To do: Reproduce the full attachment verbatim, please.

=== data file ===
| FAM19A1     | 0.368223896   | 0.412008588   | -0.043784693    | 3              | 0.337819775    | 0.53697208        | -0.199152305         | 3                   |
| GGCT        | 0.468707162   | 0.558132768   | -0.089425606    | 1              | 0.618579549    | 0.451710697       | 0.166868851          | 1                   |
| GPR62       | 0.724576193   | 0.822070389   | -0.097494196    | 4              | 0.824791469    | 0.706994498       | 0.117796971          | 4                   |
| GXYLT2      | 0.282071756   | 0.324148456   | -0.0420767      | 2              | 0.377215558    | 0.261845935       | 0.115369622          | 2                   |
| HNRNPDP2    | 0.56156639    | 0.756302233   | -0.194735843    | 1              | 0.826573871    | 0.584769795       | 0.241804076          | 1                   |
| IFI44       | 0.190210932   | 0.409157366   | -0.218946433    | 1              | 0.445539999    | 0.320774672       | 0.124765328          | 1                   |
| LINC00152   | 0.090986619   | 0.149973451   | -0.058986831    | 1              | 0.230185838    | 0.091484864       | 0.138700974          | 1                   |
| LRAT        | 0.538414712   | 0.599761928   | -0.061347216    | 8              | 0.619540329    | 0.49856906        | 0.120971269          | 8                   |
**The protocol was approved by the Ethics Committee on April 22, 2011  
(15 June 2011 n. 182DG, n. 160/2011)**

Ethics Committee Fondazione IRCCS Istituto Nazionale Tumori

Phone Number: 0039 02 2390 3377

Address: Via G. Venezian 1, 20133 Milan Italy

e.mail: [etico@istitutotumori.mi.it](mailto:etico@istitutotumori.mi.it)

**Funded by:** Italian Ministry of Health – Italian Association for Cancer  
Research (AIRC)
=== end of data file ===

| FAM19A1     | 0.368223896   | 0.412008588   | -0.043784693    | 3              | 0.337819775    | 0.53697208        | -0.199152305         | 3                   |
| GGCT        | 0.468707162   | 0.558132768   | -0.089425606    | 1              | 0.618579549    | 0.451710697       | 0.166868851          | 1                   |
| GPR62       | 0.724576193   | 0.822070389   | -0.097494196    | 4              | 0.824791469    | 0.706994498       | 0.117796971          | 4                   |
| GXYLT2      | 0.282071756   | 0.324148456   | -0.0420767      | 2              | 0.377215558    | 0.261845935       | 0.115369622          | 2                   |
| HNRNPDP2    | 0.56156639    | 0.756302233   | -0.194735843    | 1              | 0.826573871    | 0.584769795       | 0.241804076          | 1                   |
| IFI44       | 0.190210932   | 0.409157366   | -0.218946433    | 1              | 0.445539999    | 0.320774672       | 0.124765328          | 1                   |
| LINC00152   | 0.090986619   | 0.149973451   | -0.058986831    | 1              | 0.230185838    | 0.091484864       | 0.138700974          | 1                   |
| LRAT        | 0.538414712   | 0.599761928   | -0.061347216    | 8              | 0.619540329    | 0.49856906        | 0.120971269          | 8                   |
**The protocol was approved by the Ethics Committee on April 22, 2011  
(15 June 2011 n. 182DG, n. 160/2011)**

Ethics Committee Fondazione IRCCS Istituto Nazionale Tumori

Phone Number: 0039 02 2390 3377

Address: Via G. Venezian 1, 20133 Milan Italy

e.mail: [etico@istitutotumori.mi.it](mailto:etico@istitutotumori.mi.it)

**Funded by:** Italian Ministry of Health – Italian Association for Cancer  
Research (AIRC)